Mnuchin: Trump may invoke DPA to produce future coronavirus vaccine

Mnuchin: Trump may invoke DPA to produce future coronavirus vaccine

Treasury Secretary Steven MnuchinSteven MnuchinOn The Money: Schumer urges Democrats to stick together on .9T bill | Collins rules out GOP support for Biden relief plan | Powell fights inflation fears Mnuchin expected to launch investment fund seeking backing from Persian Gulf region: report Larry Kudlow debuts to big ratings on Fox Business Network MORE said Thursday that President TrumpDonald TrumpBiden to hold virtual bilateral meeting with Mexican president More than 300 charged in connection to Capitol riot Trump Jr.: There are 'plenty' of GOP incumbents who should be challenged MORE is open to invoking the Defense Production Act (DPA) again for the production of a future coronavirus vaccine.

The DPA is “a very important tool, it should be used carefully,” Mnuchin said Thursday in an interview with The Hill's Editor-in-Chief Bob CusackRobert (Bob) CusackTrump legal switch hints at larger problems The Hill's Morning Report - President Biden, Vice President Harris begin work today Incoming lawmakers stress coronavirus relief, economy as first priority of new session MORE for the Advancing America's Economy virtual event.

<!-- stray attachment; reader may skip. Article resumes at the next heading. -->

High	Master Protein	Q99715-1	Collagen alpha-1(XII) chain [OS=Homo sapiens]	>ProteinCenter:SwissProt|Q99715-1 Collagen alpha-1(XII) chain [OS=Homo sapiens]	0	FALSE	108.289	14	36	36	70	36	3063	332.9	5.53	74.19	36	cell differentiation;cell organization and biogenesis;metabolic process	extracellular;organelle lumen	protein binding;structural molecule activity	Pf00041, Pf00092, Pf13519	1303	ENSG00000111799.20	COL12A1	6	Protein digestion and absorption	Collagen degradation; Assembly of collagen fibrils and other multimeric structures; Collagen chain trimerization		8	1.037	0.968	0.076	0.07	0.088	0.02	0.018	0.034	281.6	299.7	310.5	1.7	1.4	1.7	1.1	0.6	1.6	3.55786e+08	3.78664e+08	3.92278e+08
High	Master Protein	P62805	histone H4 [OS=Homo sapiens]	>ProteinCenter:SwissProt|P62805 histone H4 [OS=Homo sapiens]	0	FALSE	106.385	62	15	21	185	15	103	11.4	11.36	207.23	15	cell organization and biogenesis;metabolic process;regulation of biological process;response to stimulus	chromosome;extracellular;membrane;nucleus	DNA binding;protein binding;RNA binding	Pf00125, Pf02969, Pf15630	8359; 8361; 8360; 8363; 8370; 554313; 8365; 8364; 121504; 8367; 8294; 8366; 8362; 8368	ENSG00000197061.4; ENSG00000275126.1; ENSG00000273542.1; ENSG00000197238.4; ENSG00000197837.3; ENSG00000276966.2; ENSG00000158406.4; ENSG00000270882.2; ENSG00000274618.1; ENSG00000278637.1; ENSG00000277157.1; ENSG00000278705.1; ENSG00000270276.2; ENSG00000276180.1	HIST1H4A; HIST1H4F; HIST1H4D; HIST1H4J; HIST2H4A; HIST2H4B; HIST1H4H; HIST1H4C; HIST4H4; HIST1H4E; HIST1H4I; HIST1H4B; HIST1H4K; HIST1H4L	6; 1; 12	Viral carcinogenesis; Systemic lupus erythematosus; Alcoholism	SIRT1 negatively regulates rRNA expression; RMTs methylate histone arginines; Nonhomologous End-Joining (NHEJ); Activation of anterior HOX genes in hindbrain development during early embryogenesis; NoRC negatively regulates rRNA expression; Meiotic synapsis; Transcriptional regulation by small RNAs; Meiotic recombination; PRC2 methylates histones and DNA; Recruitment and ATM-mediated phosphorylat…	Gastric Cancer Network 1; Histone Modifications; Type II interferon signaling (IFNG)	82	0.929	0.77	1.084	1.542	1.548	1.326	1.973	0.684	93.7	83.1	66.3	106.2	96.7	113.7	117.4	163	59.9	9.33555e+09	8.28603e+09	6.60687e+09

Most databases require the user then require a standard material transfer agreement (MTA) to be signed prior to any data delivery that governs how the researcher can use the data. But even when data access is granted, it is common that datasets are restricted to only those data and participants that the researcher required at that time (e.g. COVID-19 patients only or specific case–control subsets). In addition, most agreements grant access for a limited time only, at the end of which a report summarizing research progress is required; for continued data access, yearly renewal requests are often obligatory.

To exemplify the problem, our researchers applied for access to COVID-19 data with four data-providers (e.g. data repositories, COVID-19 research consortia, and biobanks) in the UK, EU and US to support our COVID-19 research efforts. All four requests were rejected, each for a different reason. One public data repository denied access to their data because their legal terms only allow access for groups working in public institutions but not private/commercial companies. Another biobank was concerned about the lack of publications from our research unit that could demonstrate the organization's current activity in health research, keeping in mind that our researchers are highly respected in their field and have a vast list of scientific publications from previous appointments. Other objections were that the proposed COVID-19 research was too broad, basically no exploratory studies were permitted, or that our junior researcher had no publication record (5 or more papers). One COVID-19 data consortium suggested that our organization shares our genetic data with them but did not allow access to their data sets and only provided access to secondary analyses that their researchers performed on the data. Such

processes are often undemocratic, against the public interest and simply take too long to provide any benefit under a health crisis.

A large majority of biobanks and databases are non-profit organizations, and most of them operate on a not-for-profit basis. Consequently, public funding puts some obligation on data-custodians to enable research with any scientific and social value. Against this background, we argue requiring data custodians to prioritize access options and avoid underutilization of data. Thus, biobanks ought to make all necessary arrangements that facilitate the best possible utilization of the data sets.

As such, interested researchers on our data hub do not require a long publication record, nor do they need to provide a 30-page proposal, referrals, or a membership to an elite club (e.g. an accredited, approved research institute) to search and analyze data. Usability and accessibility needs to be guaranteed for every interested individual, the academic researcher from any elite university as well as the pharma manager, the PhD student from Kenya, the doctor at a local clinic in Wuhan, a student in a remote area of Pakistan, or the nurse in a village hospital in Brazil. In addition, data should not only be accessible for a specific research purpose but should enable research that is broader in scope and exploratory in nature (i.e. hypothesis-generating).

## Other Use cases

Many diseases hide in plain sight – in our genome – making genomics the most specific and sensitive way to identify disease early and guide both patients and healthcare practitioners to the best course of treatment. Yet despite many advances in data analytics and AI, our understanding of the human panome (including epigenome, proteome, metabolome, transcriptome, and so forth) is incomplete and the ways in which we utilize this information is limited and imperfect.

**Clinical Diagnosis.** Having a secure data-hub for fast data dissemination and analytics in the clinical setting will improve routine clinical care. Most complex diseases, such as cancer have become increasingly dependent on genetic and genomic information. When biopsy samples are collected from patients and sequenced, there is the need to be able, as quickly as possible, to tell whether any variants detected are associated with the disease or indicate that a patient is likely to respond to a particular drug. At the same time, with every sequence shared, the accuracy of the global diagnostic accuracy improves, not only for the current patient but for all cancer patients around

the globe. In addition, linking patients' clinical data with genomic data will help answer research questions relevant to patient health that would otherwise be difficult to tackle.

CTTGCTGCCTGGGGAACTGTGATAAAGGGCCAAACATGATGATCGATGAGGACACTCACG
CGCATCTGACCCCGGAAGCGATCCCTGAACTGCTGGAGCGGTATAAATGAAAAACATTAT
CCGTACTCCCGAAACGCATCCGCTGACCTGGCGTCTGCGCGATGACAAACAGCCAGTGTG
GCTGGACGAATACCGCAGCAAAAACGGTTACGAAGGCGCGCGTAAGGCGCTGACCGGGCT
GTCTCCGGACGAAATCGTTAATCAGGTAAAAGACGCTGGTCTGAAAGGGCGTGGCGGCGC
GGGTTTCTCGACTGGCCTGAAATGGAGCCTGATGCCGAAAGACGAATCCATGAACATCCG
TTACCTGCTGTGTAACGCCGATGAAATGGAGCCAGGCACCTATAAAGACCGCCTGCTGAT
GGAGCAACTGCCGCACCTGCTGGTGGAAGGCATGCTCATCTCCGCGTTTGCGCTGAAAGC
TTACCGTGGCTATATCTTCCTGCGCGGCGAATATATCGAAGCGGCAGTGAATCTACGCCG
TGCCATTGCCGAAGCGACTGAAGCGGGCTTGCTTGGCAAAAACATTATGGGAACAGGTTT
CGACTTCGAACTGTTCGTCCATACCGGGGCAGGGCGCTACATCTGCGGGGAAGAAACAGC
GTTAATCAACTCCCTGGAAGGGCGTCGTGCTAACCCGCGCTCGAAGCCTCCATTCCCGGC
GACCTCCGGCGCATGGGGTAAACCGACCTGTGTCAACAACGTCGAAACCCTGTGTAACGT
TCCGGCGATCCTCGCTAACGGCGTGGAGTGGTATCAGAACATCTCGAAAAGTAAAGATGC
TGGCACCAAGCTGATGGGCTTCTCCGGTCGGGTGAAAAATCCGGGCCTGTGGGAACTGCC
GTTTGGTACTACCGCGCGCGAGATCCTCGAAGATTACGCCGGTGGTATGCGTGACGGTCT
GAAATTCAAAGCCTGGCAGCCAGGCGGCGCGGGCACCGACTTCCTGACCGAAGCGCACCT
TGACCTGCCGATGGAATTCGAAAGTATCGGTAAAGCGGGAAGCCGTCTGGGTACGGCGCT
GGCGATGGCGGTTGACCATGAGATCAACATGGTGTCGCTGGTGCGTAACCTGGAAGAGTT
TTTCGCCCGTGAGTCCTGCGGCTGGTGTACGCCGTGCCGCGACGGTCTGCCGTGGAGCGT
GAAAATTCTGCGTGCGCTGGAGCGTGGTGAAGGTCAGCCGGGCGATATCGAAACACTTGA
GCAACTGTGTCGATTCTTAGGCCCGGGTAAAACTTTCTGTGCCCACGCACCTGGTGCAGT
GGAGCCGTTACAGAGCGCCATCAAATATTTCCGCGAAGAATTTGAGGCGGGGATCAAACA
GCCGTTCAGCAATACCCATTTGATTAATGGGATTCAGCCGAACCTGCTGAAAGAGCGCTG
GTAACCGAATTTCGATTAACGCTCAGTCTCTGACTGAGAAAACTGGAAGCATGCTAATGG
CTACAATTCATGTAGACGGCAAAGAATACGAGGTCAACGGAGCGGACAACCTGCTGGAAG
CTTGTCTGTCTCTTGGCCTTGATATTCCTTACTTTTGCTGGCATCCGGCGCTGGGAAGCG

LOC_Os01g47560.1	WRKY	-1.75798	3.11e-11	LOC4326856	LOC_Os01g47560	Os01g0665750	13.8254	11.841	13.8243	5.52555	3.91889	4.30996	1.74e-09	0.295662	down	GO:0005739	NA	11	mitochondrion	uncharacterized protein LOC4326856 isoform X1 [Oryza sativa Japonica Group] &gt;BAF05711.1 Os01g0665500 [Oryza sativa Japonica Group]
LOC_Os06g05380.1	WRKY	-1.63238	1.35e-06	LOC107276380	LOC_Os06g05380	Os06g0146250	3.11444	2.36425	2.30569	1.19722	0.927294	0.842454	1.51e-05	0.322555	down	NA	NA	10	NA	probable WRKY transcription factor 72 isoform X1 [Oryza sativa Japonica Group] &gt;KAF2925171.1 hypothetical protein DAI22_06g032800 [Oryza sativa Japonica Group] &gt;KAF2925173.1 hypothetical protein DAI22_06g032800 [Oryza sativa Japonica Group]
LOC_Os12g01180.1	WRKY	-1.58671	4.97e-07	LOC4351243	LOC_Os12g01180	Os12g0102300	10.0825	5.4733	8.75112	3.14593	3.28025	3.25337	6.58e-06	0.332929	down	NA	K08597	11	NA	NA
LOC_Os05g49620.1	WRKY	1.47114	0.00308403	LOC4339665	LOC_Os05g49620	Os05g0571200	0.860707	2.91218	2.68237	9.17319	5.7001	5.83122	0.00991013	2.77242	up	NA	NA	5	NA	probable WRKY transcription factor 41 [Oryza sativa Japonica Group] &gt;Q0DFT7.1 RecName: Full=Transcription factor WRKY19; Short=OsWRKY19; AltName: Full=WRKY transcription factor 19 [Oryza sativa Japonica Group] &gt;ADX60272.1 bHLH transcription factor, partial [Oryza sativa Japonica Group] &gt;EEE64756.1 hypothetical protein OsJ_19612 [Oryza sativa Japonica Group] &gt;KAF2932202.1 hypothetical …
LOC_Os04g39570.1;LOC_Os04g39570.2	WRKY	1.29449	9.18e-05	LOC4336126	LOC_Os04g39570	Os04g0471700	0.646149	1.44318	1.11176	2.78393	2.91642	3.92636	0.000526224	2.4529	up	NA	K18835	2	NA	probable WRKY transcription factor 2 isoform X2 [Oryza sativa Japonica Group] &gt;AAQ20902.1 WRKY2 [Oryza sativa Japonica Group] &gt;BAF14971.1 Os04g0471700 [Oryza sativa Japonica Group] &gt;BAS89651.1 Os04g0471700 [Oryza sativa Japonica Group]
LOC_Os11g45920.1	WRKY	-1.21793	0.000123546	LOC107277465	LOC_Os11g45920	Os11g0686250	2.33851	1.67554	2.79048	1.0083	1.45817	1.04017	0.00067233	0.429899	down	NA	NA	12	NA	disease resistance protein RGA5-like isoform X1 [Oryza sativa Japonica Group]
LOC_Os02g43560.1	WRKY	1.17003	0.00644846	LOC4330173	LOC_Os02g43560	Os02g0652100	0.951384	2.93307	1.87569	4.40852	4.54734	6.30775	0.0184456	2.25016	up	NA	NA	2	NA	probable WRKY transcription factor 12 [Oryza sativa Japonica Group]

“I know the president is very much willing to use it if we need to use it. I got an update on vaccines yesterday and the investments that BARDA [the Biomedical Advanced Research and Development Authority] is making, which I think is really terrific and in many cases they have commitments to take over large amounts of the vaccines,” he said.


“The DPA is a very important tool to protect the American workers, and if the president needs to use it he will,” Mnuchin added.

The DPA, established in 1950 during the Korean War, allows the president to require businesses to prioritize production of essential materials for national defense.

Trump had already invoked it during the coronavirus pandemic for the production of ventilators and personal protective gear, as well as when he signed an executive order requiring meat production plants to remain open.

The Hill’s event was sponsored by Wells Fargo and Siemen’s.